# Contribution Guide for Abstract Iterative Solvers

An abstract iterative solver requires **one struct**, **one constructor**, and **two functions** in order to interface with the rest of ClimateMachine. In what follows we will describe in detail the function signatures, return values, and struct properties necessary to build with ClimateMachine.

We have the following concrete implementations:

`GeneralizedMinimalResidual`

`GeneralizedConjugateResidual`

`ConjugateGradient`

`BatchedGeneralizedMinimalResidual`

## Basic Template for an Iterative Solver

A basic template of an iterative solver could be as follows:

```
export MyIterativeMethod
# struct
struct MyIterativeMethod{FT} <: AbstractIterativeSystemSolver
# minimum
rtol::FT
atol::FT
# Add more structure if necessary
end
# constructor
function MyIterativeMethod(args...)
# body of constructor
return MyIterativeMethod(contructor_args...)
end
# initialize function (1)
function initialize!(linearoperator!, Q, Qrhs, solver::MyIterativeMethod, args...)
# body of initialize function in abstract iterative solver
return Bool, Int
end
# iteration function (2)
function doiteration!(linearoperator!, Q, Qrhs, solver::MyIterativeMethod, threshold, args...)
# body of iteration
return Bool, Int, Float
end
```

MyIterativeMethod and function bodies would need to be replaced appropriately for a particular implementation. We will describe each component in detail in subsequent sections.

### Struct

A subset of AbstractIterativeSystemSolver needs at least two members: atol and rtol. The former represents an absolute tolerance and the latter is a relative tolerance. Both can be used to terminate the iteration to determine the convergence criteria. An example struct could be

```
struct MyIterativeMethod{FT} <: AbstractIterativeSystemSolver
atol::FT
rtol::FT
end
```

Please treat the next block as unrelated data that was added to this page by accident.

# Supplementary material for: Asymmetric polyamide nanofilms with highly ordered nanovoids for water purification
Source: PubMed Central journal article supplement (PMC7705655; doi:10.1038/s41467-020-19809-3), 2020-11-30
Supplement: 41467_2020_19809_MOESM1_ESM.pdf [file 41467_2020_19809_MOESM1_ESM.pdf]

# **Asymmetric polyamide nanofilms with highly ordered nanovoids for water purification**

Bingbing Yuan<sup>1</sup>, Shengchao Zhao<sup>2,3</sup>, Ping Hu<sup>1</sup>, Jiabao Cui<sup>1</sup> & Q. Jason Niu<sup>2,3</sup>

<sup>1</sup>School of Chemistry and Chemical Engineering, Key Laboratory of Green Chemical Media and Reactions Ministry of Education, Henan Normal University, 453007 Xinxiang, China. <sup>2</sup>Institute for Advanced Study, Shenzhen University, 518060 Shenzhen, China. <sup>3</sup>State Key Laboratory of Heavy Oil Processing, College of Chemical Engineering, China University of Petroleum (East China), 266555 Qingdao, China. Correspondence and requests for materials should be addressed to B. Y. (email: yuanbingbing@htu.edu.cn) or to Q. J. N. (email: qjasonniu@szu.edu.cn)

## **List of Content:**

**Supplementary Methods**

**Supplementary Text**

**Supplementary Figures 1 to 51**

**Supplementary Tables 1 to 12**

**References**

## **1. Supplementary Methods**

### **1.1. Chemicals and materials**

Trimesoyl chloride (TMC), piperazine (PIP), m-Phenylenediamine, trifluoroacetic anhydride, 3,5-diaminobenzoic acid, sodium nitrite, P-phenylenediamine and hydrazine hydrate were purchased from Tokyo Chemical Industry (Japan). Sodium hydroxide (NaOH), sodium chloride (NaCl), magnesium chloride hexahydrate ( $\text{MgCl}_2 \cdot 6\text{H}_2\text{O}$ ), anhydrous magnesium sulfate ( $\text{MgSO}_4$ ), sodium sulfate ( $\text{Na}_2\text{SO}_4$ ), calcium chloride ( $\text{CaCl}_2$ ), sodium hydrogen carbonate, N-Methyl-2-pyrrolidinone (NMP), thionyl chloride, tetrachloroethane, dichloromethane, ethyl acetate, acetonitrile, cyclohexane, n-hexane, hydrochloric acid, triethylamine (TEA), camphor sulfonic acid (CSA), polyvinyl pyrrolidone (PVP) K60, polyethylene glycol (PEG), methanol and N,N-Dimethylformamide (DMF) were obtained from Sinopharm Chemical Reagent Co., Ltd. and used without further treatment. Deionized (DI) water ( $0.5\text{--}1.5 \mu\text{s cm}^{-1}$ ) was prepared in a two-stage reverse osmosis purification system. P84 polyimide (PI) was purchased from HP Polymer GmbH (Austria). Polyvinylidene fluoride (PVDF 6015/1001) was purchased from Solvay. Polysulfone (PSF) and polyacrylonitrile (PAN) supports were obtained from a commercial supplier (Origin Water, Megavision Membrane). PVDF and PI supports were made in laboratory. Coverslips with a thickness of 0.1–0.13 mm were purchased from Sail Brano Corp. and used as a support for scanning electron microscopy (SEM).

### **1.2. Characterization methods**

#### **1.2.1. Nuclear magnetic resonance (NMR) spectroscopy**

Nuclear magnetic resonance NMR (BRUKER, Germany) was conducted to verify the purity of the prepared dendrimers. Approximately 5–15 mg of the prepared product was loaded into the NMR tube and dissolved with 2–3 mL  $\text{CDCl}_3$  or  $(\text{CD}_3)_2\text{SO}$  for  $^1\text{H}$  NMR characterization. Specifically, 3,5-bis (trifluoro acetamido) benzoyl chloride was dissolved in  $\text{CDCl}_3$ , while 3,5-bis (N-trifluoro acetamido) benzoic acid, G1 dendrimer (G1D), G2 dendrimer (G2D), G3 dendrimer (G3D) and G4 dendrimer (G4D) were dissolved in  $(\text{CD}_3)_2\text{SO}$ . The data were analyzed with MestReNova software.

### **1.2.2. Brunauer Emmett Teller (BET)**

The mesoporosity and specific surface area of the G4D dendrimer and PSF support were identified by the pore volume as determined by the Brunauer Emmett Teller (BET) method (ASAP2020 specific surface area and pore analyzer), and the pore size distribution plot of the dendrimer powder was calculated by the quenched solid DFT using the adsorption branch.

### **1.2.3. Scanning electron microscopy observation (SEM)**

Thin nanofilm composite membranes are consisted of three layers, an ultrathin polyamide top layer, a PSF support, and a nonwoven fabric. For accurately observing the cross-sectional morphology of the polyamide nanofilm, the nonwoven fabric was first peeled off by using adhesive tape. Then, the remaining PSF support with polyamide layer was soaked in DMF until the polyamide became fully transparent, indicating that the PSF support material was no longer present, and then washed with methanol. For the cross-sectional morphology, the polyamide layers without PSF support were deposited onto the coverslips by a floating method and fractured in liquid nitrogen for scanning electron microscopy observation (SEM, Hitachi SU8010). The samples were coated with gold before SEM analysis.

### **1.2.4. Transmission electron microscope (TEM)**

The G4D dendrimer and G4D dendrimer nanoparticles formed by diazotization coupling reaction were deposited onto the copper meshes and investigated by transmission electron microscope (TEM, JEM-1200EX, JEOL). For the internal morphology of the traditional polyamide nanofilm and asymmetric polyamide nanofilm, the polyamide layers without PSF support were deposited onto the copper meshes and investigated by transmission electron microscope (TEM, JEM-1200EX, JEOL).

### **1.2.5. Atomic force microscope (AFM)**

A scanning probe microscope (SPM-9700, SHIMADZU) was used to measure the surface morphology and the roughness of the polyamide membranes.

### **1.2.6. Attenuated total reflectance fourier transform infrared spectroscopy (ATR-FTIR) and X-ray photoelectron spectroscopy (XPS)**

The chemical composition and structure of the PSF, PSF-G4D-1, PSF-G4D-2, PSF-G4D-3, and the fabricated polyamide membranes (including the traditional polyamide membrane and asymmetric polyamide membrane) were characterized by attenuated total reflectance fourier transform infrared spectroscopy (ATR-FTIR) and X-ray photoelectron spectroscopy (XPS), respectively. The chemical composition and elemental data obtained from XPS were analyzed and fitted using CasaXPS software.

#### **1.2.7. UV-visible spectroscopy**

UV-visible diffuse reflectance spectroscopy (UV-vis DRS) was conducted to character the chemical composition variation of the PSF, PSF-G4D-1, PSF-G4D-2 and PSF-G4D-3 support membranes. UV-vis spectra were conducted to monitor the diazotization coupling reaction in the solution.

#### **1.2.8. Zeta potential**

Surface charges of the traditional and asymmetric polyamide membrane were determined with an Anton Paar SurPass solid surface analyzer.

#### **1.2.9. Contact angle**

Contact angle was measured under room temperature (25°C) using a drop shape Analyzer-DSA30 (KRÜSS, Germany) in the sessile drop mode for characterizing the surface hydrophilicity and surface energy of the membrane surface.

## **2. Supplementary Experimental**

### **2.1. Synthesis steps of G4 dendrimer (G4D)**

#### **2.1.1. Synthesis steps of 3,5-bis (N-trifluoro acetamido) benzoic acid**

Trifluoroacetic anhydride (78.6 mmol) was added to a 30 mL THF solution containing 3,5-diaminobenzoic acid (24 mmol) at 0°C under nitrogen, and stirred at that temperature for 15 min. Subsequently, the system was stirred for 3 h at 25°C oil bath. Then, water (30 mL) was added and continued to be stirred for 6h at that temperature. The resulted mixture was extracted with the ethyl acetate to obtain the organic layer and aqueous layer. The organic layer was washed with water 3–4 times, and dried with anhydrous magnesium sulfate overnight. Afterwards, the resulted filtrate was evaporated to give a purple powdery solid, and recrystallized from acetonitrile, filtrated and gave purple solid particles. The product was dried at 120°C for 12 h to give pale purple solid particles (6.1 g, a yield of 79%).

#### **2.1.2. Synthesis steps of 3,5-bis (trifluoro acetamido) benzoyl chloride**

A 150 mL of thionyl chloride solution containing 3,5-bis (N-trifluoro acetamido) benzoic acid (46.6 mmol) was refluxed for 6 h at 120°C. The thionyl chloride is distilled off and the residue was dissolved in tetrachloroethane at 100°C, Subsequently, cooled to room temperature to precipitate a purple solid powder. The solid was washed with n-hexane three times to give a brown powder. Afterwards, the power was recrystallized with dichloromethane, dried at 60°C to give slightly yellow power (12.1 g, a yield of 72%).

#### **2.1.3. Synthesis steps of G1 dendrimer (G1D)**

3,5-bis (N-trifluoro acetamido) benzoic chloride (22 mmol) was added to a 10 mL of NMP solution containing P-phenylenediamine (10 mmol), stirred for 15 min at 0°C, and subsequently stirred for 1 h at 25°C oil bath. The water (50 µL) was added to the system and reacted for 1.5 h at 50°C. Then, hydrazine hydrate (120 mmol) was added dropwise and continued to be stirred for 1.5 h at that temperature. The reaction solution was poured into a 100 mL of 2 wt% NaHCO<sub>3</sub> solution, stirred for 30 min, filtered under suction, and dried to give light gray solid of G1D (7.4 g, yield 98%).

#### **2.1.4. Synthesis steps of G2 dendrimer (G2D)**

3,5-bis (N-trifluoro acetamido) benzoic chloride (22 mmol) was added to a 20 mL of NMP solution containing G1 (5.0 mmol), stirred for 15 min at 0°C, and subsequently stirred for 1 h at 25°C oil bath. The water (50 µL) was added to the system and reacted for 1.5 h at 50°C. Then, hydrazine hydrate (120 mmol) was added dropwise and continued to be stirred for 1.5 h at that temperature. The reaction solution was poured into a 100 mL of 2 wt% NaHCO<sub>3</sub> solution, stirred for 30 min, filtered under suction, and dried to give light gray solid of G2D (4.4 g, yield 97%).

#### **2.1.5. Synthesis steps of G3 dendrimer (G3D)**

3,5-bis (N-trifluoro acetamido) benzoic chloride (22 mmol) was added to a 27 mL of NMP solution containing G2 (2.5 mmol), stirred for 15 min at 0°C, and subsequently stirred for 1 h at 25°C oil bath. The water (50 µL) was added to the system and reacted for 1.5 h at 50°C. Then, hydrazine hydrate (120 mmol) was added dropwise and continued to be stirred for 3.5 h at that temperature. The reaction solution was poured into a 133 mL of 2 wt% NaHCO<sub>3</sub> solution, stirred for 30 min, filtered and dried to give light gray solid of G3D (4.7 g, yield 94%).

but often has more depending on the kind of iterative solver being used. For example, in a Krylov subspace method one would need to store a number of vectors which constitute the Krylov subspace.

### Constructor

The constructor for the struct can be defined any number of ways depending on the needs of the struct itself. Often times this is just used to allocate memory or convergence thresholds. This can also be a good place to define structures that make the iterative solver easier to work with. For example, for a columnwise solver one would want an easy array structure to work with vectors in a columnwise fashion.

In Basic Template for an Iterative Solver we used an outer constructor, e.g.,

```
# constructor
function MyIterativeMethod(args...)
# body of constructor
return MyIterativeMethod(contructor_args...)
end
```

but we could have also used an inner constructor if desired.

### Initialize Function

The initialize function needs the following signature

```
function initialize!(linearoperator!, Q, Qrhs, solver::MyIterativeMethod, args...)
# body of initialize function in abstract iterative solver
return Bool, Int
end
```

The intialize function has the following **arguments**:

`linearoperator!`

(function)`Q`

(array) [OVERWRITTEN]`Qrhs`

(array)`solver`

(struct) used for dispatch`args...`

passed to`linearoperator!`

function

The `linearoperator!`

function is assumed to have the following signature:

```
linearoperator!(y, x, args...)
# body of linear operator
return nothing
end
```

It represents action of a linear operator $L$ on a vector $x$, that stores the value in the vector $y$, i.e. $Lx = y$. The last argument (the args...) is necessary due to how linear operators are defined within ClimateMachine.

The `Q`

and `Qrhs`

function arguments are supposed to represent the solution of the linear system `LQ = Qrhs`

where `L`

is the linear operator implicitly defined by `linearoperator!`

.

The initialize function must have **2 return values**:

`convergence`

(bool)`iterations`

(int)